Buy your tickets and book your passage, because the amusement park that celebrates criminal activity, questionable hygiene and novels that are about 300 pages too long opens south of London next month.
Inspired by the life and work of Charles Dickens, the park, imaginatively called Dickens World, attempts, according to a Reuters report and the attraction's Web site, to re-create the sights, sounds and smells (the park's promise, not mine) of Victorian England. Imagine, finally your dreams of hopping over puddles of raw sewage while having your pocket picked by a malnourished street urchin can come true.
Among the attractions are a Fagin's Den play area (where I suppose children will play in ball pits and learn the fine art of lifting pocket watches), a Christmas Carol-inspired haunted house (sure to be a favorite in July) and Europe's longest dark boat ride, inspired by the novel Great Expectations, which was also very long and dark.
Though he is not my favorite writer, I do have a great deal of respect for Dickens and the lasting contributions he made to English literature. I'm certainly happier to see his accomplishments celebrated than, say, Thomas Hardy's. Let's face it, Far From the Madding Crowd would make for one boring roller coaster.
Just because I recognize the importance of Dickens as a writer, however, doesn't mean I want to immerse myself in his often dark, very damp and very dirty world. As much pleasure as I might derive from reading about the unjustly imprisoned, plucky orphans and crazy old women in wedding dresses, I don't want to blow a day, and my weak American dollars, on them.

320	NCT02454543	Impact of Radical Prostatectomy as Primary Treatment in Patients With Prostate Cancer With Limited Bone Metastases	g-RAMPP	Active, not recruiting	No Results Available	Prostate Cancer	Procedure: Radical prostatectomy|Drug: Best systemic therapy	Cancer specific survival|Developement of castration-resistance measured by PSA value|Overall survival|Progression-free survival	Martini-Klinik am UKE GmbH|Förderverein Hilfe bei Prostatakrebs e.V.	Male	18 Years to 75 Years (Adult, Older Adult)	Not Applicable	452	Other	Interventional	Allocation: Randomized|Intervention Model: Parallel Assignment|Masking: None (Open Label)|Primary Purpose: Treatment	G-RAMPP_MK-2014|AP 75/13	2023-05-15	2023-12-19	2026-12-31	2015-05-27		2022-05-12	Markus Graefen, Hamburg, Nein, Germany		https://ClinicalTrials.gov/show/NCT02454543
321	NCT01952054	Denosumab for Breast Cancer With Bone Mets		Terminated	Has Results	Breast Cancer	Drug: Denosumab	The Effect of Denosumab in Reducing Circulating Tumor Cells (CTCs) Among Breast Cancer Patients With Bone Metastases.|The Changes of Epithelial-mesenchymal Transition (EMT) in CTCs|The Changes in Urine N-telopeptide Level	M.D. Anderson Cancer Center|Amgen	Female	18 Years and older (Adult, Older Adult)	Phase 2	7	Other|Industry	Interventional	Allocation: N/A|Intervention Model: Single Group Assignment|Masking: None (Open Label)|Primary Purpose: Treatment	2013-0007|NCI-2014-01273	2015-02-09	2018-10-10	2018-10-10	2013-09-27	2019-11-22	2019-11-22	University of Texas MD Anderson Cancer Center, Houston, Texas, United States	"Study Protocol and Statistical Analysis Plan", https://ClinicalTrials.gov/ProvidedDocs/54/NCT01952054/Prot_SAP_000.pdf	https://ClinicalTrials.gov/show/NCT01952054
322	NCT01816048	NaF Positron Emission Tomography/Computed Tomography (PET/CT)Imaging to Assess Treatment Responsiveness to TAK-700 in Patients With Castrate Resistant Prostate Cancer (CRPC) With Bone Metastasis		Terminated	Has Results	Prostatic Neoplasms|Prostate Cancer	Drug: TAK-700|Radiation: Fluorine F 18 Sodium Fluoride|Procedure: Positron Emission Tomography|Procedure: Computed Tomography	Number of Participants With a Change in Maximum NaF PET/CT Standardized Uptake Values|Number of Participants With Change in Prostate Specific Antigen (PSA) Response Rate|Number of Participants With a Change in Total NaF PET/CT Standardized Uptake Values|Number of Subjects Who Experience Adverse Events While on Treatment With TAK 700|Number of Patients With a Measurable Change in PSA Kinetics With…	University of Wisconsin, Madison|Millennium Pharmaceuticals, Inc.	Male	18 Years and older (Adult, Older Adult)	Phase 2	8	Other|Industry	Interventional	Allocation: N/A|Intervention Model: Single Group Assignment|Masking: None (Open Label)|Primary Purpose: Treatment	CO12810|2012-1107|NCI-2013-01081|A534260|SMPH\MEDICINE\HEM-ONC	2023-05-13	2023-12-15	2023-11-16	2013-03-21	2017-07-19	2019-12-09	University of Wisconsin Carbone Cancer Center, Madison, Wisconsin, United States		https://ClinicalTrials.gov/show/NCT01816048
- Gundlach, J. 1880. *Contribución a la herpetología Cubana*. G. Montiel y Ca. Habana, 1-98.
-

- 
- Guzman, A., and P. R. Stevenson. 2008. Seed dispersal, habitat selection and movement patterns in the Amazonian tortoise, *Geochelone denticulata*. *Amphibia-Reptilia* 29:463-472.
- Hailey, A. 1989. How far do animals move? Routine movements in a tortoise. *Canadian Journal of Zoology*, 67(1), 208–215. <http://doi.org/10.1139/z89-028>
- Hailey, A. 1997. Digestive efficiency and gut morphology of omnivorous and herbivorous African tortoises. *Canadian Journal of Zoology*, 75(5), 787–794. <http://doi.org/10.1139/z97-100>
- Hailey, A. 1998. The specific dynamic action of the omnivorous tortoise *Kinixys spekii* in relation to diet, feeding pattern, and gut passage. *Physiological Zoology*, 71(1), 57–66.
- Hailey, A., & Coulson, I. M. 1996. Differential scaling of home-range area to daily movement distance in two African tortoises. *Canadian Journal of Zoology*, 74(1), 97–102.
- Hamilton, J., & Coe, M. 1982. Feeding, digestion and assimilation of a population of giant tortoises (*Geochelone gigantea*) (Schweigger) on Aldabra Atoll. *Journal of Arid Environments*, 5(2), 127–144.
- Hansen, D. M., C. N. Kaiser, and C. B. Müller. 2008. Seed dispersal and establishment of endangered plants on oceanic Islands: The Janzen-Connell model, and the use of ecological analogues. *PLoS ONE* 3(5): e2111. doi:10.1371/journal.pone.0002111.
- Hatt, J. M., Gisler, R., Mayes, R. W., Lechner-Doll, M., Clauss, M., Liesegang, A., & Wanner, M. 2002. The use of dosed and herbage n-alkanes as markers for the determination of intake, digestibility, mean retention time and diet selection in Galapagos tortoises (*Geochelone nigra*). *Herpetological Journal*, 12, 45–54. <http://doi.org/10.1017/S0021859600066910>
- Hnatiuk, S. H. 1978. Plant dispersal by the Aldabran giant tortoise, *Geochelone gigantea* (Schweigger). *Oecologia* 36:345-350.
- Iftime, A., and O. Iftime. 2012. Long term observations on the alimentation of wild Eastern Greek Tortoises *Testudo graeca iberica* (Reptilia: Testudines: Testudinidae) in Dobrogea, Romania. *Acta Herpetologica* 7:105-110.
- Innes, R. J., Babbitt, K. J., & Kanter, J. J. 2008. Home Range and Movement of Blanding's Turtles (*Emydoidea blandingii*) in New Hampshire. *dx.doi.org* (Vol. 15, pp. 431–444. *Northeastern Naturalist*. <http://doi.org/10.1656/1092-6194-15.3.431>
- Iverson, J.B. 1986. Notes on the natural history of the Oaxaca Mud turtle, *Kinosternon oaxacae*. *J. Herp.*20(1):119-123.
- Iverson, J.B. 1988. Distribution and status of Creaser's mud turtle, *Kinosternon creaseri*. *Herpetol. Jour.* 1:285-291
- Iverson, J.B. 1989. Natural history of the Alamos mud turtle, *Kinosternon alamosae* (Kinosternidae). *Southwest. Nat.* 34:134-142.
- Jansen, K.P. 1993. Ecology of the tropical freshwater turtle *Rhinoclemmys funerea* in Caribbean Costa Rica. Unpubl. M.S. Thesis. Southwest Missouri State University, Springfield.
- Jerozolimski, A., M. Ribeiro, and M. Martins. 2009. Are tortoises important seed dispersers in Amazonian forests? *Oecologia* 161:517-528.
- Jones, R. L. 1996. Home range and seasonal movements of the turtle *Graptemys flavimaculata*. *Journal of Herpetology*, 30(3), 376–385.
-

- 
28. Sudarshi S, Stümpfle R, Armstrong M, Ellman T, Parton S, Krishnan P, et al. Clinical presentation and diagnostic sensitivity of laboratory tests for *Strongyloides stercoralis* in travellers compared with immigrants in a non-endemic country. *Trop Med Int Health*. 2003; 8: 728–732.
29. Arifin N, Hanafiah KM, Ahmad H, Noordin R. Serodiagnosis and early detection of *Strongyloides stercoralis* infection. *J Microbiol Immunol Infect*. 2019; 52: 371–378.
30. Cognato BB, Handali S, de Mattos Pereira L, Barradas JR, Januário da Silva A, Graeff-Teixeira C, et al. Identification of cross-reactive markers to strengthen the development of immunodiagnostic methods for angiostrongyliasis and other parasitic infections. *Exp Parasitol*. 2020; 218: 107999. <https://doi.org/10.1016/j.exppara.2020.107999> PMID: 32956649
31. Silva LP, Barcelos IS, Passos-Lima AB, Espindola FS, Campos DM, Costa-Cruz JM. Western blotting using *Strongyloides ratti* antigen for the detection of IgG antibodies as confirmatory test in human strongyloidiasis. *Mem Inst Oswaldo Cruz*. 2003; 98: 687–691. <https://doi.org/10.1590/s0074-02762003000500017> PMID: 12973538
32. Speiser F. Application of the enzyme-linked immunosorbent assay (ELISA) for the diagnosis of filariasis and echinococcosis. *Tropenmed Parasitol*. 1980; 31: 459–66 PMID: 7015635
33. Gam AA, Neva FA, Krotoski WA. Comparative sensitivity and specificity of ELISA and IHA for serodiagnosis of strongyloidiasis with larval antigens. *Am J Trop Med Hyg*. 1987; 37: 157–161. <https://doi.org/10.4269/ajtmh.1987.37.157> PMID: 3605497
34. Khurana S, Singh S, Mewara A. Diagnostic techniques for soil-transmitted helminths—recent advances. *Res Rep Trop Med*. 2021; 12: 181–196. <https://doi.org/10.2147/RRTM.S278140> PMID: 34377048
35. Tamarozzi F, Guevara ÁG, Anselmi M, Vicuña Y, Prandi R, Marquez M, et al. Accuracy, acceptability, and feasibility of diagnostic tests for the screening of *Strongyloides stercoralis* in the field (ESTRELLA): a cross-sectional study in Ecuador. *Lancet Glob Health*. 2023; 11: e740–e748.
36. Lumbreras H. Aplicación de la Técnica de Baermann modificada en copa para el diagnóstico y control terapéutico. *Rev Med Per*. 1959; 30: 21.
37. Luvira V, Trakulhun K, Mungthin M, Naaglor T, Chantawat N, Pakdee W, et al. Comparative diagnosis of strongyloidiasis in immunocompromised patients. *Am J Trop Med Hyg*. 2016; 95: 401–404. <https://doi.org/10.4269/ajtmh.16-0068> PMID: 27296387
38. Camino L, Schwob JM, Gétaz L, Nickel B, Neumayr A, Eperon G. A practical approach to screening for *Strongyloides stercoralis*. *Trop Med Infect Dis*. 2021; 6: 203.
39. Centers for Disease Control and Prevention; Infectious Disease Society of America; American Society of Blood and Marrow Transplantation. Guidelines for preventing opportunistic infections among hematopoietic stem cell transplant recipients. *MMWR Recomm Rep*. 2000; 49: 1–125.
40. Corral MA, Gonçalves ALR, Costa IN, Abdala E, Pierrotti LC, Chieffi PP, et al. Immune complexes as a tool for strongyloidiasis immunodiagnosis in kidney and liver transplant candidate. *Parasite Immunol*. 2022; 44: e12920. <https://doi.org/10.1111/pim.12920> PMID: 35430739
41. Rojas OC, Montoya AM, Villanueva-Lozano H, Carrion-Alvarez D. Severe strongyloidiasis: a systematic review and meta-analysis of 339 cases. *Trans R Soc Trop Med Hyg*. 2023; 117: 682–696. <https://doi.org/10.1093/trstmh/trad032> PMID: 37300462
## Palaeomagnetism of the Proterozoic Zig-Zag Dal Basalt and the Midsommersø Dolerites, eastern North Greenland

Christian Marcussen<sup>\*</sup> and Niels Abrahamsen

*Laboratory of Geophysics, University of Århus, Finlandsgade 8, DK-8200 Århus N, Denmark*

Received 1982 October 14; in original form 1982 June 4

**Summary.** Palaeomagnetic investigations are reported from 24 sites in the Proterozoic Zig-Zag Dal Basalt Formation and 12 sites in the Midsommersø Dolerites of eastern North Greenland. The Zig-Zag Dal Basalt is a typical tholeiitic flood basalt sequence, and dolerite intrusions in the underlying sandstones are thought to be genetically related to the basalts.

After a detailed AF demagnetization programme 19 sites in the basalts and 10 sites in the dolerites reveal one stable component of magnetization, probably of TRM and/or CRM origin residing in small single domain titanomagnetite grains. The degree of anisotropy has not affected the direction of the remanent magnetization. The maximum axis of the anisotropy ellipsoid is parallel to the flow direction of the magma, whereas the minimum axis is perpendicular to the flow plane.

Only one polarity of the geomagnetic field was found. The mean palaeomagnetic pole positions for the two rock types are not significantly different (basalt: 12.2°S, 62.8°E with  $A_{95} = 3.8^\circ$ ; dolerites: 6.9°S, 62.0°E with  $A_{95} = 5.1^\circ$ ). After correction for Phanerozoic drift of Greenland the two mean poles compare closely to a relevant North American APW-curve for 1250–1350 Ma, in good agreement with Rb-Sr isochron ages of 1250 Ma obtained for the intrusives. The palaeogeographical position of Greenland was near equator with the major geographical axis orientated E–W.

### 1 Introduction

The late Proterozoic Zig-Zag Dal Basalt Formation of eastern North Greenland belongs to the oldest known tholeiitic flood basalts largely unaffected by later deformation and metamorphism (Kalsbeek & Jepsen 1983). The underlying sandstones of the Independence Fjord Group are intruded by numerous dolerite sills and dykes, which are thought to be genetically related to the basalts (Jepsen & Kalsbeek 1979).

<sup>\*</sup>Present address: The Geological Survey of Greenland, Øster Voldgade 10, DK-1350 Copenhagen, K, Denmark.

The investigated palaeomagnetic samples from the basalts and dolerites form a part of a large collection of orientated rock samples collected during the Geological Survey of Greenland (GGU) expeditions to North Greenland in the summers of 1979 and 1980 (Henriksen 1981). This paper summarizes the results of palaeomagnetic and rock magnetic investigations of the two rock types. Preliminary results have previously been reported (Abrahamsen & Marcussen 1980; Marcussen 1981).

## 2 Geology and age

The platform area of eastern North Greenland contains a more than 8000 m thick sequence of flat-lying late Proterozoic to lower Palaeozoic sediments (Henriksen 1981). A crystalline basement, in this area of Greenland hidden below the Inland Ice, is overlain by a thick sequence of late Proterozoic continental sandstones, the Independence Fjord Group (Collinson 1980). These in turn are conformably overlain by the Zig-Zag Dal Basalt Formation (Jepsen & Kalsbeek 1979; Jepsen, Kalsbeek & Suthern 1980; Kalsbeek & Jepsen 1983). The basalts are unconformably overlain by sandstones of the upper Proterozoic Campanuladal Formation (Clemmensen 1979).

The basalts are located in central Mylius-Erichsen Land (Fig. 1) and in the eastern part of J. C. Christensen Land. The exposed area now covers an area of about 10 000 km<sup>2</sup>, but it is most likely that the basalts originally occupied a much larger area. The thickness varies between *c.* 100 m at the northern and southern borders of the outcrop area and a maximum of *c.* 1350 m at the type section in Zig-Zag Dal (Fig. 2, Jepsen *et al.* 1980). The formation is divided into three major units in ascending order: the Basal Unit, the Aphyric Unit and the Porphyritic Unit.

I sound dismissive, but I'm actually fearful that Dickens World will succeed. After all, what sort of precedent might this set? Will other great authors be so "honored" with thrill rides and concession stands?
Can we expect a Jack Kerouac On the Road ride, which goes on and on without much ever happening? How about a Philip Roth roller coaster, which sends riders through a series of emotional ups and downs with a drawn-out conclusion? I'm an enormous John Steinbeck fan, but that does not mean I'm ready to ride with the animatronic Okies on their slow, sad procession west.
Champions of Dickens World (which is to say paid employees) have touted the attraction as a way to bring the writer's work to life for a generation that seems to have lost touch with his prose. By their assertion, fewer and fewer people can actually name five Dickens novels.
David Copperfield, Oliver Twist, Great Expectations, The Pickwick Papers and A Tale of Two Cities: There, am I excused now?
Reach Steven Uhles at (706) 823-3626 or email@example.com.